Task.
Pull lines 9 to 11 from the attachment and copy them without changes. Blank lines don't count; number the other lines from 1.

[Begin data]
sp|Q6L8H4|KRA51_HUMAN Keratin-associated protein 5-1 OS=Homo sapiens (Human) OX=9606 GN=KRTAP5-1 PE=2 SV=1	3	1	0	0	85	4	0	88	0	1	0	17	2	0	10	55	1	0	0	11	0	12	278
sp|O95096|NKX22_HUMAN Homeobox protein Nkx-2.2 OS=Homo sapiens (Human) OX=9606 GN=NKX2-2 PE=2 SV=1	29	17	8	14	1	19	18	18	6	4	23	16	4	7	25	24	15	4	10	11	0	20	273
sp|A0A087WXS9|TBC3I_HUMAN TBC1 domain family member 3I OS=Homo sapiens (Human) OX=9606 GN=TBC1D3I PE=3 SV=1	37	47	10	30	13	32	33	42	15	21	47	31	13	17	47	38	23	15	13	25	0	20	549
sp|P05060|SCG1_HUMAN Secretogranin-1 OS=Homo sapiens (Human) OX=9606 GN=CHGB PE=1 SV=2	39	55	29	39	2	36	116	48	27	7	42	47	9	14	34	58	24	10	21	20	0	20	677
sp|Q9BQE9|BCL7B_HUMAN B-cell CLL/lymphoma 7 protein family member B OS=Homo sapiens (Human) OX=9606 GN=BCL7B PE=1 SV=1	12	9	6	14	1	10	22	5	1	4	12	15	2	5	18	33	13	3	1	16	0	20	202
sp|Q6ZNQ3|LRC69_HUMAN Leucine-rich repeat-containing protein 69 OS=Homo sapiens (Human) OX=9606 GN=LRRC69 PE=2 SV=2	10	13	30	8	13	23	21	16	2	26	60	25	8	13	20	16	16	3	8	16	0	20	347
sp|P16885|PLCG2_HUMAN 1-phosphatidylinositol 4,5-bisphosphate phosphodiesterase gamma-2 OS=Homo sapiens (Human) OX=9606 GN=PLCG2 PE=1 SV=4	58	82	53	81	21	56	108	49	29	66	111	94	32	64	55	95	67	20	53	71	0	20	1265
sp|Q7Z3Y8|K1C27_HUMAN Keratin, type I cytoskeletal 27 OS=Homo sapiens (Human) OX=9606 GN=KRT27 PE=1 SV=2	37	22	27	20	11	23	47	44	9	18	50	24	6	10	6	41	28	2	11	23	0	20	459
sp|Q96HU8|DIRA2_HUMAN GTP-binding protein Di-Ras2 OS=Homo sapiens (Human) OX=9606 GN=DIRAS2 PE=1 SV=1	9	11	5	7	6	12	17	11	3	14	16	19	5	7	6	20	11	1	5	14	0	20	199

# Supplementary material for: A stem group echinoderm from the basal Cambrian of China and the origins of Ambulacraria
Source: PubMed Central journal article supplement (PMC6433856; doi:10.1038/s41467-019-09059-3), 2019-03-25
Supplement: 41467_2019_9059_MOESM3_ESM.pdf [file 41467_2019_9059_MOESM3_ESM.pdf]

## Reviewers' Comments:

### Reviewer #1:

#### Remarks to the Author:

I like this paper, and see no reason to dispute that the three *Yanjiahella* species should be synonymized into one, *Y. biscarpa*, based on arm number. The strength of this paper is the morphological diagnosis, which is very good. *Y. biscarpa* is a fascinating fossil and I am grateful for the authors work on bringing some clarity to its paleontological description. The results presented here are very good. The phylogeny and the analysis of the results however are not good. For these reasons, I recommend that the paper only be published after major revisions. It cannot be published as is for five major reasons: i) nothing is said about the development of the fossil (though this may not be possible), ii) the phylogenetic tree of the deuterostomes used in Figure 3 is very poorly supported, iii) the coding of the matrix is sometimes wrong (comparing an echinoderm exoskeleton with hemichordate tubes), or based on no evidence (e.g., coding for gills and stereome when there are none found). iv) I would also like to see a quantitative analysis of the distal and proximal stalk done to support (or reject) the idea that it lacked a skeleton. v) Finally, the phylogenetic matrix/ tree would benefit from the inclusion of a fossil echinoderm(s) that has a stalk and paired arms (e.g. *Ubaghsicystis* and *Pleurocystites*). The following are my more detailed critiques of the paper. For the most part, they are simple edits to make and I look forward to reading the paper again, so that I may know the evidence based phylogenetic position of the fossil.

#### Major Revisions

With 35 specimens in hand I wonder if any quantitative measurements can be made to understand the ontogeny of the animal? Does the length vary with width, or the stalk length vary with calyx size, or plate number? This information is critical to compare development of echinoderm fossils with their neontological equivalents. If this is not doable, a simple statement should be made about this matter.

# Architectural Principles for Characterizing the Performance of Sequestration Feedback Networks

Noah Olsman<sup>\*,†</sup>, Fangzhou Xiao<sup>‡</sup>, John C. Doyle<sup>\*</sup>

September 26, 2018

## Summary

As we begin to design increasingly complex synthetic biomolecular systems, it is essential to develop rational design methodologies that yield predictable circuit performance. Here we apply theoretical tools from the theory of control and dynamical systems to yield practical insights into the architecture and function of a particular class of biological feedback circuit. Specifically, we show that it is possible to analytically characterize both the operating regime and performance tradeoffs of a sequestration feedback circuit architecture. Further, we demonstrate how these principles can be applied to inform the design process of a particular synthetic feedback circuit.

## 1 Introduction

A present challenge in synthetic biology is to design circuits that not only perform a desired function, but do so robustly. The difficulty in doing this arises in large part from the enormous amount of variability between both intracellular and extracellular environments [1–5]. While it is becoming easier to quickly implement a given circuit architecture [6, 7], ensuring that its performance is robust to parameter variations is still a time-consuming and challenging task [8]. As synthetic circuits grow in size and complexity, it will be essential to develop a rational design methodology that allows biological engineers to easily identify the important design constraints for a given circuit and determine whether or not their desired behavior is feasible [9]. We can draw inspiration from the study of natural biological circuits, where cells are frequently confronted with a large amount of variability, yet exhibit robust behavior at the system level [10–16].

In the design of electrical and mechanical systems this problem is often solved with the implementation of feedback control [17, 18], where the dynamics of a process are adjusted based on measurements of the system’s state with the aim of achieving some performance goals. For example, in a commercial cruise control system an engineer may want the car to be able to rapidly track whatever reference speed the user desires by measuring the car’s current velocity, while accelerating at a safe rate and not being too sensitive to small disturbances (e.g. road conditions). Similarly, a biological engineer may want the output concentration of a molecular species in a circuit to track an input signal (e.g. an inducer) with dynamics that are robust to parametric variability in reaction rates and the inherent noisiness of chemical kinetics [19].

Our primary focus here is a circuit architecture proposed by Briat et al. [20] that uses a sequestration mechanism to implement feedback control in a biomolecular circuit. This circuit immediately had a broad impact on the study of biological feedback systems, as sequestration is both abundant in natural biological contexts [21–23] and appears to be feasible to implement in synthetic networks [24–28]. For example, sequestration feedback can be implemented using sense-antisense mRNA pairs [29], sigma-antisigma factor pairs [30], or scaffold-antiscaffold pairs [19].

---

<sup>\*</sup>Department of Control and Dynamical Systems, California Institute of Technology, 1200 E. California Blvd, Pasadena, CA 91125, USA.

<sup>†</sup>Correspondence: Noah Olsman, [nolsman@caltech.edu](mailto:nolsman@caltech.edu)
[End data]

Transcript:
sp|Q96HU8|DIRA2_HUMAN GTP-binding protein Di-Ras2 OS=Homo sapiens (Human) OX=9606 GN=DIRAS2 PE=1 SV=1	9	11	5	7	6	12	17	11	3	14	16	19	5	7	6	20	11	1	5	14	0	20	199

# Supplementary material for: A stem group echinoderm from the basal Cambrian of China and the origins of Ambulacraria
Source: PubMed Central journal article supplement (PMC6433856; doi:10.1038/s41467-019-09059-3), 2019-03-25